Montenegro Set to Take Over KAP, Deripaska’s En+ Fights Back
Montenegro’s Parliament urged the government to repossess aluminum producer Kombinat Aluminijuma Podgorica AD (KAPG) from Oleg Deripaska’s En+ Group, a move the Russian billionaire vowed to contest in courts.
Prime Minister Igor Luksic won lawmakers’ support to service a 22 million-euro ($29.3 million) loan that unprofitable KAP took from Deutsche Bank AG (DBK) in 2009 with government guarantees, in order to preempt a default on state-backed loans that total 132 million euros, Parliament announced after a vote last night. En+ reiterated its offer that all KAP loans be converted into equity, and threatened legal action against any unilateral attempt to wrest away its 29.3 percent stake.
En+ would “turn to international courts with lawsuits against the government” in case of any “illegal attempts to eliminate us from the shareholding structure in KAP,” board Chairman Alexey Kuznetsov said in e-mailed comments.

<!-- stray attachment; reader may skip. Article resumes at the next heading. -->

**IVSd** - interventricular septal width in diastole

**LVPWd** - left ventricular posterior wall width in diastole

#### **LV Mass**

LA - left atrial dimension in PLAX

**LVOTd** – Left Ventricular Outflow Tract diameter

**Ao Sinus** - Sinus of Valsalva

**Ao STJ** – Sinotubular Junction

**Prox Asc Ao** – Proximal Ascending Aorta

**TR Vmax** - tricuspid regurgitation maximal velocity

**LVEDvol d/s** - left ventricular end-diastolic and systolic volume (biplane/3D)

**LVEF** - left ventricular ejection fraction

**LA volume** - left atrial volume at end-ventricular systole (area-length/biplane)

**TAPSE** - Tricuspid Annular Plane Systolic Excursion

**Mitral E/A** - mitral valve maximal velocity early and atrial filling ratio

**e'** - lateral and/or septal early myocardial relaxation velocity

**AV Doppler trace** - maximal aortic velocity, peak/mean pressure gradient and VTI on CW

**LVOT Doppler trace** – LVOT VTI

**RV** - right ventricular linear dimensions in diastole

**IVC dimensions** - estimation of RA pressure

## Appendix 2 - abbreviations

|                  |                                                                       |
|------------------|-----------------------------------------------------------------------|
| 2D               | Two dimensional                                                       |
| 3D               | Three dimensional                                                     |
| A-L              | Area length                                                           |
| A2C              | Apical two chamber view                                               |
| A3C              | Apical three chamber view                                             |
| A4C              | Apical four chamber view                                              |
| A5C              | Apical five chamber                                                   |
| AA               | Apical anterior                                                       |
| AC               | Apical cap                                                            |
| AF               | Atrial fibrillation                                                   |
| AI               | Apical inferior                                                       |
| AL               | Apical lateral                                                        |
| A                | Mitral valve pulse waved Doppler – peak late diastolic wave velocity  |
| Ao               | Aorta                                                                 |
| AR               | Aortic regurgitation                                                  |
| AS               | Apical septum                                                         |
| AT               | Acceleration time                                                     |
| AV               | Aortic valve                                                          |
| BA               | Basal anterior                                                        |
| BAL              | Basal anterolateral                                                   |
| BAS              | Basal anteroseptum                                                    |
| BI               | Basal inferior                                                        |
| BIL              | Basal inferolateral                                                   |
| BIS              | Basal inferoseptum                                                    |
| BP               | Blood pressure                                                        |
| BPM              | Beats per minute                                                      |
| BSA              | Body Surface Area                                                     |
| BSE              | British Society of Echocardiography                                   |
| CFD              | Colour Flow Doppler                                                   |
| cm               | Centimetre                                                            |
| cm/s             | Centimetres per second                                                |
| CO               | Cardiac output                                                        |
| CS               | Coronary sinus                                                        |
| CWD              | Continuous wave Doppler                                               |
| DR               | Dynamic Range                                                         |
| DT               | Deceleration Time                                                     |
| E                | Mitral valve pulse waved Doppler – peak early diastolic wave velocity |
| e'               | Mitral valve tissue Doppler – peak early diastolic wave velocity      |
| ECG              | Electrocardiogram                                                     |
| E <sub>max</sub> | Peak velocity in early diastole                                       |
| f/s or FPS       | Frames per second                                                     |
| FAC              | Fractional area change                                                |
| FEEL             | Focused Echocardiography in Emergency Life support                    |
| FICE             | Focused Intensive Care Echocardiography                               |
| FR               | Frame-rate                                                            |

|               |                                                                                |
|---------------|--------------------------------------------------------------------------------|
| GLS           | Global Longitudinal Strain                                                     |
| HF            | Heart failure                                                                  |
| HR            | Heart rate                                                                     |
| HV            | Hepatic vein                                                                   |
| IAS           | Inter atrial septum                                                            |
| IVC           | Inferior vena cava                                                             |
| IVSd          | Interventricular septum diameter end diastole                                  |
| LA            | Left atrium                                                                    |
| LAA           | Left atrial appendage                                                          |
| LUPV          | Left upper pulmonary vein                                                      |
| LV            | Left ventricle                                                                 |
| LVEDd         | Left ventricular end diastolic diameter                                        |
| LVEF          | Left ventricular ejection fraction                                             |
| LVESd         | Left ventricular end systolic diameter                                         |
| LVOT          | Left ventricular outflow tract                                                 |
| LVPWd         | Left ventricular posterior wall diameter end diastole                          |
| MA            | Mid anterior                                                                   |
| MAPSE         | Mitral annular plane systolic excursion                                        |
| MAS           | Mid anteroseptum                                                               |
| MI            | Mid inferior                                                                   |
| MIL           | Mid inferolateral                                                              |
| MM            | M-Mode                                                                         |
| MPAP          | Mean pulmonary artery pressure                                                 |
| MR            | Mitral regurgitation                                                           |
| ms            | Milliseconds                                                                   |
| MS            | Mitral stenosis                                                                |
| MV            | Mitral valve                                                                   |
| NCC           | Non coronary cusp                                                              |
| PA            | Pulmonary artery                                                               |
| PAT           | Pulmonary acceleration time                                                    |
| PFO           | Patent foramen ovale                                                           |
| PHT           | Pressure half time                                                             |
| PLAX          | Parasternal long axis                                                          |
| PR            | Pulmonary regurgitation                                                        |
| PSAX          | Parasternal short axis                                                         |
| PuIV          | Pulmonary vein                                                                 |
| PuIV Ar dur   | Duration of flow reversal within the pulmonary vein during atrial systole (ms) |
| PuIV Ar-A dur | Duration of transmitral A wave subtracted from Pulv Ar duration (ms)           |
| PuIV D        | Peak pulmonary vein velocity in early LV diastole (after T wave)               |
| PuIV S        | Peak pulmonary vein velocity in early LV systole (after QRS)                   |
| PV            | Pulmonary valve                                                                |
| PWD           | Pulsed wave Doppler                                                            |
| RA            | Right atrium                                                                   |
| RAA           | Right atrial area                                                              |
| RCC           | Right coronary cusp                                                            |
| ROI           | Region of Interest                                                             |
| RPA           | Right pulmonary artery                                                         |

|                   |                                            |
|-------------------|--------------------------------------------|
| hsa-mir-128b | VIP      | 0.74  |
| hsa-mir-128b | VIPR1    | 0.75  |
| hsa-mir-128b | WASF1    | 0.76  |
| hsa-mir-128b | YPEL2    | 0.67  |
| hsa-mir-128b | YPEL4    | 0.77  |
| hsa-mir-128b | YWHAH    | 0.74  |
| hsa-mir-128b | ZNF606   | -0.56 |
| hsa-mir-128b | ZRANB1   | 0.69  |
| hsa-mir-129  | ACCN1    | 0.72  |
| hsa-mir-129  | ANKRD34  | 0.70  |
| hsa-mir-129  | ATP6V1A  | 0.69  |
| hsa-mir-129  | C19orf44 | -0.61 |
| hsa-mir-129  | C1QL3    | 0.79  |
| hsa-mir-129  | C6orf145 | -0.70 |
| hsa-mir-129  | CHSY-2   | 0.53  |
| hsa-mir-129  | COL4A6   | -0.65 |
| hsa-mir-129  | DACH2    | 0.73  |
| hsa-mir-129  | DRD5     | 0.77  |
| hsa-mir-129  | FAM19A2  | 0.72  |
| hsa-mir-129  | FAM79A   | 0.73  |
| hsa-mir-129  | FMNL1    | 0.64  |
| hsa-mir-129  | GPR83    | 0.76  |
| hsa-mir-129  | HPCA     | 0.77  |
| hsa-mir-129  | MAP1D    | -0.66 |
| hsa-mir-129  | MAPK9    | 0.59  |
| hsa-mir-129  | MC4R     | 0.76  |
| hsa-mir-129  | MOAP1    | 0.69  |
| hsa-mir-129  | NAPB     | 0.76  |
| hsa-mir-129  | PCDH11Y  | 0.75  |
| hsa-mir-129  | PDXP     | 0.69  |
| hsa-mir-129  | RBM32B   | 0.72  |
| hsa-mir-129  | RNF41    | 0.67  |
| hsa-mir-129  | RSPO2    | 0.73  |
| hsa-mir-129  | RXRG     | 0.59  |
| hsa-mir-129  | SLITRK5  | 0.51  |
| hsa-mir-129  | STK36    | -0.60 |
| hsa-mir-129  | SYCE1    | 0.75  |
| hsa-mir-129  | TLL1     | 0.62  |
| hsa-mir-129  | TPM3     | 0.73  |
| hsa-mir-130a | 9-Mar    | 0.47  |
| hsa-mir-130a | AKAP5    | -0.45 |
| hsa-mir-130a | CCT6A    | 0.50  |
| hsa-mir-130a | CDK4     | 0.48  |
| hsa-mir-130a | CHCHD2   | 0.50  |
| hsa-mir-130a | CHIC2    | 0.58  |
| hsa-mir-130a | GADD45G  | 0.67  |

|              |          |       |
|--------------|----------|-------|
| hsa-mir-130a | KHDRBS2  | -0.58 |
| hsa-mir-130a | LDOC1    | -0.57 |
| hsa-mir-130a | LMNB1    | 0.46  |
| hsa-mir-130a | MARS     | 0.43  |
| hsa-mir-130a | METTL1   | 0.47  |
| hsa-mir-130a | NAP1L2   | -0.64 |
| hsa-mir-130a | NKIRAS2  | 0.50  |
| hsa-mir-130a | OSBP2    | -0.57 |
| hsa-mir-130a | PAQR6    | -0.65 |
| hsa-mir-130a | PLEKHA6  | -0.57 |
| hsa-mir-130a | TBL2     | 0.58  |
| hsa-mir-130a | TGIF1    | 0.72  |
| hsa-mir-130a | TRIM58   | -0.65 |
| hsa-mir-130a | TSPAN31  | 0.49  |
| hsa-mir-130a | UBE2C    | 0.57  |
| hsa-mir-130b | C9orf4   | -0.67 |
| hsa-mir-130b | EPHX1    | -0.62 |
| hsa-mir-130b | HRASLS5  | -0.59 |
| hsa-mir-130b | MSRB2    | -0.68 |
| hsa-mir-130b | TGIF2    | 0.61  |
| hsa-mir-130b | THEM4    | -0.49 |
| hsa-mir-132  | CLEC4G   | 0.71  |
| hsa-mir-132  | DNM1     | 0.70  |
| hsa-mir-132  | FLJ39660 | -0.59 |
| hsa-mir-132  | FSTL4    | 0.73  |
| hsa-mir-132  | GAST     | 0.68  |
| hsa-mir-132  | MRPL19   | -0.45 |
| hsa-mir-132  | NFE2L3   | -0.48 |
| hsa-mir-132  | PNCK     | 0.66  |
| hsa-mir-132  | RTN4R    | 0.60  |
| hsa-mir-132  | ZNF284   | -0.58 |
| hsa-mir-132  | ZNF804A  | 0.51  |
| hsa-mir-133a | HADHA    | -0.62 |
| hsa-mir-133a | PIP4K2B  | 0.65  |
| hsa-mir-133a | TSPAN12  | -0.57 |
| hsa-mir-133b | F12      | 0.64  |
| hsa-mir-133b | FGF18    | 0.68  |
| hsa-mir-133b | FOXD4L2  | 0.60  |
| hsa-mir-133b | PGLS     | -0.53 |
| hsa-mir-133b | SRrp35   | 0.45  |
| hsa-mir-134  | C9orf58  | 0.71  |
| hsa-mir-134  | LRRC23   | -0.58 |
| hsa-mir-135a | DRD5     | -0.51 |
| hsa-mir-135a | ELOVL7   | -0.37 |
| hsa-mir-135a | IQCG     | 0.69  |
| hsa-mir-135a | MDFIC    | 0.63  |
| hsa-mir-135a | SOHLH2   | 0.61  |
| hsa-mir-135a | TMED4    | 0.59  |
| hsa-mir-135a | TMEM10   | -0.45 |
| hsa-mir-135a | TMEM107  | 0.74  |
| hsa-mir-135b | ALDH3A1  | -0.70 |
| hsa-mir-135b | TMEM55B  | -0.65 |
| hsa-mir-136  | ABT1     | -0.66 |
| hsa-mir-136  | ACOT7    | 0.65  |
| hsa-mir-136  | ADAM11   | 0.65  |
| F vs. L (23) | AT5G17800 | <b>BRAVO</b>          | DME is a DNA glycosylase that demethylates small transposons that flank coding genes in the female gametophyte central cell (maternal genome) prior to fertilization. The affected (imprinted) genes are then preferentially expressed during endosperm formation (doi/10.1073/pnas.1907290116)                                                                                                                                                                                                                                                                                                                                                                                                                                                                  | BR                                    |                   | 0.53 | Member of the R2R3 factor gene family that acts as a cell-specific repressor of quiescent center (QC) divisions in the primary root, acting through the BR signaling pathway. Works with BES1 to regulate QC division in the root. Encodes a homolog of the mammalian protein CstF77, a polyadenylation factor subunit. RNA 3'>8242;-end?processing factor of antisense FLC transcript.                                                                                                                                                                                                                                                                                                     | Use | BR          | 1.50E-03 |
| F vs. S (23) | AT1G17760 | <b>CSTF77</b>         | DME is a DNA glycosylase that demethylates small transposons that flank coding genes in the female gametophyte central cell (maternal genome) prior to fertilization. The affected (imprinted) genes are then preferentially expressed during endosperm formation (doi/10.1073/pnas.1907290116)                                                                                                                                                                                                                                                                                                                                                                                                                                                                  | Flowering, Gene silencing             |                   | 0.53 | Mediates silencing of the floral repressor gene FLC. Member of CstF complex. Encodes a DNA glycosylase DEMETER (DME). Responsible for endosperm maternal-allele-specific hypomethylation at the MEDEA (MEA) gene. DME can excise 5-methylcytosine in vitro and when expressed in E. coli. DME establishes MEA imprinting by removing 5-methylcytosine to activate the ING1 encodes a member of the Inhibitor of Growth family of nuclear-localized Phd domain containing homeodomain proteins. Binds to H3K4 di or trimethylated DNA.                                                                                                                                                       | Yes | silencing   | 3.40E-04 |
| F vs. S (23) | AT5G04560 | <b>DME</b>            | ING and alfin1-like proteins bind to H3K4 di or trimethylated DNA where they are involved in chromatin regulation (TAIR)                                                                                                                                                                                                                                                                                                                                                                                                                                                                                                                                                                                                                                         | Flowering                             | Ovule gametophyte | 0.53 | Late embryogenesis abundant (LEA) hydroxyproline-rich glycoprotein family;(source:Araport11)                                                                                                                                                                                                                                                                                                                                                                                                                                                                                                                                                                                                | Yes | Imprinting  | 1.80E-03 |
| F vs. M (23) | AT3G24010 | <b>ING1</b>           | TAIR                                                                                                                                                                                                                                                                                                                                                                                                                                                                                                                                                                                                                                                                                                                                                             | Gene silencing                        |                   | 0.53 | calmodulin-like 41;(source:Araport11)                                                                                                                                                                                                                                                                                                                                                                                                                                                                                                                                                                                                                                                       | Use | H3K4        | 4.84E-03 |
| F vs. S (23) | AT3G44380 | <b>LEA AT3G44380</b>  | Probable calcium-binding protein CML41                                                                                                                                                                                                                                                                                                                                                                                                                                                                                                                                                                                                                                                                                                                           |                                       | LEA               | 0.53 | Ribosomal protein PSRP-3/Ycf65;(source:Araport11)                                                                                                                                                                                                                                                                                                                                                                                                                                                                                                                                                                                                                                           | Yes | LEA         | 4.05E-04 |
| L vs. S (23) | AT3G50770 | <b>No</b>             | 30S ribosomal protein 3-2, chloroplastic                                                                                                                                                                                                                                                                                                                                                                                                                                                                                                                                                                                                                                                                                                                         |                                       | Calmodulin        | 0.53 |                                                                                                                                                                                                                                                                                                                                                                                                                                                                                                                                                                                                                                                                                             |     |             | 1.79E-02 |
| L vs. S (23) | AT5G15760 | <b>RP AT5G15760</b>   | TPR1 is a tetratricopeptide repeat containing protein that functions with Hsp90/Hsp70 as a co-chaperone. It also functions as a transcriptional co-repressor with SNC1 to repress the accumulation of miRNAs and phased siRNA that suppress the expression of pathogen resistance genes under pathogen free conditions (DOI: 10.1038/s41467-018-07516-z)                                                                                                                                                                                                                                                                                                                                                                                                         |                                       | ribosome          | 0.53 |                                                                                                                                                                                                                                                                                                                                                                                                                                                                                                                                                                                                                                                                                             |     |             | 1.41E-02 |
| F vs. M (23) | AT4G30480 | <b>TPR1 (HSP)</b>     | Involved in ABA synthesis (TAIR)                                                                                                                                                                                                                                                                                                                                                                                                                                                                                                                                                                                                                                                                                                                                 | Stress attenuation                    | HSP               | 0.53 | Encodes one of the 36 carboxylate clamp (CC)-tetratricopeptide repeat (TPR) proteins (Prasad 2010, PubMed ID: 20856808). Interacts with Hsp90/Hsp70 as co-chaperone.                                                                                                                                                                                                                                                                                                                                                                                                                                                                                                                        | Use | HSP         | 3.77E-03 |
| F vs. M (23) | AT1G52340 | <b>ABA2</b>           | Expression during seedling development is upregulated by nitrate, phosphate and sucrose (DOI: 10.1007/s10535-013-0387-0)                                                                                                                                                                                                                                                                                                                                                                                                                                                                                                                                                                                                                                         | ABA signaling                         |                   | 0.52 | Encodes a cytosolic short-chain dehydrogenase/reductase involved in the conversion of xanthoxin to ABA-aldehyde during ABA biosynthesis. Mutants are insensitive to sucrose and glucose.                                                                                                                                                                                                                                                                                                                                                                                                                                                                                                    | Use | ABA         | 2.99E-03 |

The parliament backed the government’s plan to find an “efficient way to end cooperation with CEAC,” the En+ Group subsidiary that manages KAP, as it seeks ways to maintain the operation that last year produced 92,800 metric tons of primary aluminum, according to the motion approved by parliament. KAP is the biggest industrial plant in the nation.
En+ Group Ltd. asked Montenegro on Feb. 17 to convert the debt, including 86 million euros to En+. Deputy Premier Vujica Lazovic said at the time the state would prefer to regain control of KAP rather than continue providing it with subsidized electricity, the biggest single production cost.
Deripaska acquired a majority stake in KAP in 2005 for 48.5 million euros and later accused Montenegro of misrepresenting the value of the asset. Under a settlement in 2010, EN+ gave Montenegro half of its 58.6 percent stake in exchange for government loan guarantees.
To contact the reporter on this story: Misha Savic in Belgrade at firstname.lastname@example.org
To contact the editors responsible for this story: James M. Gomez at email@example.com;
Bloomberg moderates all comments. Comments that are abusive or off-topic will not be posted to the site. Excessively long comments may be moderated as well. Bloomberg cannot facilitate requests to remove comments or explain individual moderation decisions.